Album Rescue Series: Johnny Thunders ‘So Alone’

One of the beauties of music is that it’s impossible to hear it all; no matter how long you live. Despite being a life long addict to perfect pop tunes, I still come across pieces of music that stop me dead in my tracks. Earlier this week my niece Amber posted the Johnny Thunders’ song You Can’t Put Your Arms Around A Memory on her Facebook page; this was one of those stop dead in your tracks moment. Hearing this track again after so many years made me realize that if ever an album needed a rescue its Johnny Thunders and his 1978 release So Alone. It’s about the only thing I can do for Johnny and boy does he need it. The title of the album says it all – So Alone.

Johnny died 24 years ago on April 23rd April 1991. Gone but never forgotten. The cause of death was recorded as “drug related causes”. Rather ironically huge amounts of LSD where found in his system despite rumors that he’d quit the smack. But this does not explain the many rumors surrounding Thunders’ death at St. Peter’s Guest House in New Orleans, Louisiana.

Fellow kindred spirit and troubled troubadour Willy DeVille lived in the hotel room next door to the one Johnny died in and described it thus in Dee Dee Ramone’s 2009 book ‘Lobotomy: Surviving The Ramones’, “I don’t know how the word got out that I lived next door, but all of a sudden the phone started ringing and ringing. Rolling Stone was calling, the Village Voice called, his family called, and then his guitar player called. I felt bad for all of them. It was a tragic end, and I mean, he went out in a blaze of glory, ha ha ha, so I thought I might as well make it look real good, you know, out of respect, so I just told everybody that when Johnny died he was laying down on the floor with his guitar in his hands. I made that up. When he came out of the St. Peter’s Guest House, rigor mortis had set in to such an extent that his body was in a U shape. When you’re laying on the floor in a fetal position, doubled over – well, when the body bag came out, it was in a U. It was pretty fucking awful”. Apparently his place was ransacked, what few belongings he had all gone including his passport, makeup and clothes. There was also talk of him having acute leukemia. Whatever the true story there’s no denying it was a very sad and lonely end.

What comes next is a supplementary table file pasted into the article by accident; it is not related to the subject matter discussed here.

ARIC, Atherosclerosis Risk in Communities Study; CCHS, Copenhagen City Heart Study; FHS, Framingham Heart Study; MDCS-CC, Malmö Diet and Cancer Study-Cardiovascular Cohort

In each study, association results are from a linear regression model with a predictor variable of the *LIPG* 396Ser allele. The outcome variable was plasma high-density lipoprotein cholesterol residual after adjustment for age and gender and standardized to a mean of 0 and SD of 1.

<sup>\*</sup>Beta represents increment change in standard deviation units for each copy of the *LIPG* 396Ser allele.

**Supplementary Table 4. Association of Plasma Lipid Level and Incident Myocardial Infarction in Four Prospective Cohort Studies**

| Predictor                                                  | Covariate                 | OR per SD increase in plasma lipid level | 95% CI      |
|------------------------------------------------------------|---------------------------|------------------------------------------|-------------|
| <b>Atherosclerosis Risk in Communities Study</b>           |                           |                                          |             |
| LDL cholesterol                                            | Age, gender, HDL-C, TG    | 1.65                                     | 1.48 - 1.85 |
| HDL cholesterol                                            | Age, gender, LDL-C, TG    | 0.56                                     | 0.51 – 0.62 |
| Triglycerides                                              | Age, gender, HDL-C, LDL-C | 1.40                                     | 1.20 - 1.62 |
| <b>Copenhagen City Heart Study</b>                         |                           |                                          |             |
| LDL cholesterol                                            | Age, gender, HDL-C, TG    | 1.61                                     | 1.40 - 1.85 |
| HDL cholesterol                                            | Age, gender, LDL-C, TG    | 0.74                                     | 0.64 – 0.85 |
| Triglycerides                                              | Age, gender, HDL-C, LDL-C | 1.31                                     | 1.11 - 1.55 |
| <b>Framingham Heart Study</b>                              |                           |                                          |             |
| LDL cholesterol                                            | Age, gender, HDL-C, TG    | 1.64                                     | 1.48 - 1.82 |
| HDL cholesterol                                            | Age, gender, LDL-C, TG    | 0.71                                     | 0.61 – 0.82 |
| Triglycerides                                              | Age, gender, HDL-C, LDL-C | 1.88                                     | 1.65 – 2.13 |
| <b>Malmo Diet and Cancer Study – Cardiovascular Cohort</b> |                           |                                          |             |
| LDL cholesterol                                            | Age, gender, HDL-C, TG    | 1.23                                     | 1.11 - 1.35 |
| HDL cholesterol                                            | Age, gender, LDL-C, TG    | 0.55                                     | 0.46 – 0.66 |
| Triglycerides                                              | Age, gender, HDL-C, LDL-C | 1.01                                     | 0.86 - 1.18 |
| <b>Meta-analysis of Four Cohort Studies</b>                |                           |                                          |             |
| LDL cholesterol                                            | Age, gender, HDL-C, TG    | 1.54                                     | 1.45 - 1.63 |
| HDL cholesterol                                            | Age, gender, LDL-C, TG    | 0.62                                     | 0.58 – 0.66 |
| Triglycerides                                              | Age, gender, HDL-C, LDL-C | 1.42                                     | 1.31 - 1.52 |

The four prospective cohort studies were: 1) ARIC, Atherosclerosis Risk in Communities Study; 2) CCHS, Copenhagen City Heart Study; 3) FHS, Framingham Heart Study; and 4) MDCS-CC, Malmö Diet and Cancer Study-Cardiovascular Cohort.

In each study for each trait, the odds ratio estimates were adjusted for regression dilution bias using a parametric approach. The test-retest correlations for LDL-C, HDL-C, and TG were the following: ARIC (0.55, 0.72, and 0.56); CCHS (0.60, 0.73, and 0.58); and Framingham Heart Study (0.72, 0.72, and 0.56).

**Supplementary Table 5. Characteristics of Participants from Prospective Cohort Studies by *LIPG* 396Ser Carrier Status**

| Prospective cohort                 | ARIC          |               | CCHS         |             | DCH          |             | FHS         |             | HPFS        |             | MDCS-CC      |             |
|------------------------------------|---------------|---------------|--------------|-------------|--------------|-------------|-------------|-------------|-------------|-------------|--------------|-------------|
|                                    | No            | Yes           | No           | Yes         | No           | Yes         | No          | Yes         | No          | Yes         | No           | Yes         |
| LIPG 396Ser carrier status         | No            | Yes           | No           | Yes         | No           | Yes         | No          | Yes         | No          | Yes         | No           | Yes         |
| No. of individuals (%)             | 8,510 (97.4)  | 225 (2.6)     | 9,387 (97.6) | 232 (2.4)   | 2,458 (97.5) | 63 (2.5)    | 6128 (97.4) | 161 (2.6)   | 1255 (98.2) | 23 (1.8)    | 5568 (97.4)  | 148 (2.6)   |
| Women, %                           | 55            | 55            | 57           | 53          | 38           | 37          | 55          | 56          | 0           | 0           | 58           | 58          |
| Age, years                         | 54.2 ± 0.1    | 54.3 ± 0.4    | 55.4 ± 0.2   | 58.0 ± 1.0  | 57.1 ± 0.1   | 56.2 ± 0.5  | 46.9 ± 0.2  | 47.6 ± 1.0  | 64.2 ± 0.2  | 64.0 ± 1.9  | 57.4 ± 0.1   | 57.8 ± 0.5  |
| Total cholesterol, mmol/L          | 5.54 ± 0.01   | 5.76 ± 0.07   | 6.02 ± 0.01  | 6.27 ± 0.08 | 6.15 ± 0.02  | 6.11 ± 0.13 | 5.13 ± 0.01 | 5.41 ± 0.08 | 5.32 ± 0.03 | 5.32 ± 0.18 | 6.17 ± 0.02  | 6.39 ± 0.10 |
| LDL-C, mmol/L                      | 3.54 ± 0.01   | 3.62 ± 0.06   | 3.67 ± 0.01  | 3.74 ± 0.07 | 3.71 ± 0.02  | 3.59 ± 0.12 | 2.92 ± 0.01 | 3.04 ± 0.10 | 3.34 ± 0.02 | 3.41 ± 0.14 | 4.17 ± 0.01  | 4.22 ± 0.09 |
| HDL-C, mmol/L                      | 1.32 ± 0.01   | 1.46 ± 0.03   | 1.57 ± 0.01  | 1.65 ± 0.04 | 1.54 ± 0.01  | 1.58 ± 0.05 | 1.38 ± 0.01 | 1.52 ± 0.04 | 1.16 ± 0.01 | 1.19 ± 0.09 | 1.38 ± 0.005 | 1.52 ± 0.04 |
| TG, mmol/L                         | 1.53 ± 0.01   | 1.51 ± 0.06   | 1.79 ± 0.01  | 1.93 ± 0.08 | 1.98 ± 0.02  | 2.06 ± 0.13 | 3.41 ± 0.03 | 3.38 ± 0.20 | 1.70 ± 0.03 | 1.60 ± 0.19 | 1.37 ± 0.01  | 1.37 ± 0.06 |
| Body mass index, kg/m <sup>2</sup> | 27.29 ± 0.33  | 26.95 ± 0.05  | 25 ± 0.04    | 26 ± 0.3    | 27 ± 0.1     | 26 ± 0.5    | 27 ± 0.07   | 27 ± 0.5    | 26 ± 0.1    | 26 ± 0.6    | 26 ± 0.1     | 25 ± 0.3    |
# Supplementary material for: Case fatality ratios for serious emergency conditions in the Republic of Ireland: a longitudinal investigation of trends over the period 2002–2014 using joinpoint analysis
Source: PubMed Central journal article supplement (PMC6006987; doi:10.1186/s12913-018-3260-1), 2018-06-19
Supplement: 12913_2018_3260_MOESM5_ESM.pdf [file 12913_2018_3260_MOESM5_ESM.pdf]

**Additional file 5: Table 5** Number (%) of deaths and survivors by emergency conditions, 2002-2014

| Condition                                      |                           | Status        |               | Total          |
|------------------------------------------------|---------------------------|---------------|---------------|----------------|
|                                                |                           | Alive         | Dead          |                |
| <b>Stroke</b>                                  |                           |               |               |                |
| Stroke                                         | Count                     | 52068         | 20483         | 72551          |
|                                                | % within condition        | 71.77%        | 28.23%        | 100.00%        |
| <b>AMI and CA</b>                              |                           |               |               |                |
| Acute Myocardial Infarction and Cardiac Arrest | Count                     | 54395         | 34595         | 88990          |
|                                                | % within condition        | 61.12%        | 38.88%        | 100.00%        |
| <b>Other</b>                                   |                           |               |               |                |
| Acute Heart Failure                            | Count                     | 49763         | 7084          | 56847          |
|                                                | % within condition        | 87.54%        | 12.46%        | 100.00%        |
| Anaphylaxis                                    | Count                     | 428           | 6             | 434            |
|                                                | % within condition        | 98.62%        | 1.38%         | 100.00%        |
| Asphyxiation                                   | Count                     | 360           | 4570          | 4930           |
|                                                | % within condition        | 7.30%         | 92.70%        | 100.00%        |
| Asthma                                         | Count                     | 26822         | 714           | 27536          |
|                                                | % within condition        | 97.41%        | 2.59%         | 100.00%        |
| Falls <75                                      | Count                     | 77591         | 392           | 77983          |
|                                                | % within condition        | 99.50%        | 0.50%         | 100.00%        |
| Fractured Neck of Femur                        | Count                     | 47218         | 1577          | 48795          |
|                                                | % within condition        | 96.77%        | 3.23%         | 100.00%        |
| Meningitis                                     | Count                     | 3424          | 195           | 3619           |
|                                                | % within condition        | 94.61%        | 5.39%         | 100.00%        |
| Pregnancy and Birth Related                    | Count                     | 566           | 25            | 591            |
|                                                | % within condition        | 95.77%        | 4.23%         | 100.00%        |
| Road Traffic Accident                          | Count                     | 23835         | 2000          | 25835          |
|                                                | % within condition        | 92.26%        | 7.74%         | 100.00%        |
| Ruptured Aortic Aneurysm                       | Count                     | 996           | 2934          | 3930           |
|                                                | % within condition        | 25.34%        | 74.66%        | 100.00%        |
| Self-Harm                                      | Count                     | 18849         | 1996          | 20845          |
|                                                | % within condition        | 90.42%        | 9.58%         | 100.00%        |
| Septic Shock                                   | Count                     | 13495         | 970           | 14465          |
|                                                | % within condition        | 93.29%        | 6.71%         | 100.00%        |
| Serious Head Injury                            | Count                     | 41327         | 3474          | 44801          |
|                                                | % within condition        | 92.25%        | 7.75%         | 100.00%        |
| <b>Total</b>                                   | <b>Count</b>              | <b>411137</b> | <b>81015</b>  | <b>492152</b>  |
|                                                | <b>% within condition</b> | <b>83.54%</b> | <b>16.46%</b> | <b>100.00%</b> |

The really simple and lazy way to tell this story is to deliver the archetypal rock star drugs story. You know the troubled misunderstood genius, blah blah blah. Such lives tend to be littered with self-destruction and the concept of rock ‘n’ roll may indeed be defined by variable degrees of self-destruction. This is already well-trodden territory, and by far more qualified people then I. Take a look at Nick Kent’s 1995 book The Dark Stuff where he does an excellent job of de-glamourizing the drug cult heroes of rock ‘n’ roll. Kent provides a sobering insight into the tortured lives, dysfunction and general unpleasantness of many key figures of popular music. Anyone with a voyeuristic interest in the self-destructive lives of rock ‘n’ rollers will love this book. There is no denying that Johnny’s story is a heroin related one. But please don’t judge heroin addicts unless you’ve lived it yourself, have an open mind. If you haven’t lived it yourself then good job, you definitely made the right decision. Heroin eats up your soul, destroys creativity and spits you out; things are never quite the same again after you’ve lived your life with heroin. Heroin is a solitary friend and when it’s gone your life is empty and worthless, you’re so alone. Its pure conjecture but its highly unlikely that Thunders ever conquered his drug addiction. What is up for discussion is that he did leave us with some incredible music and that will last forever.

In 1790 the German founding father of modern philosophy, Immanuel Kant, wrote Critique of Judgement, where he investigates the possibility and logical status of “judgments of taste”. In the chapter Analytic of the Beautiful Kant states that beauty is not a property of an artwork or natural phenomenon, but is instead a consciousness of the pleasure that attends the ‘free play’ of the imagination and the understanding. So is So Alone an artifact of beauty, worthy of critical reappraisal? Even though it appears that we are using reason to decide what is beautiful, that judgment is not a cognitive judgment, and is consequently not logical, but is aesthetical? I would argue that our objective judgment is impaired or swayed here. This album is heavily tarnished because of who made it and not because of what it is, which is a thing of beauty and passion. I believe that anything made out of passion or love must be inherently good.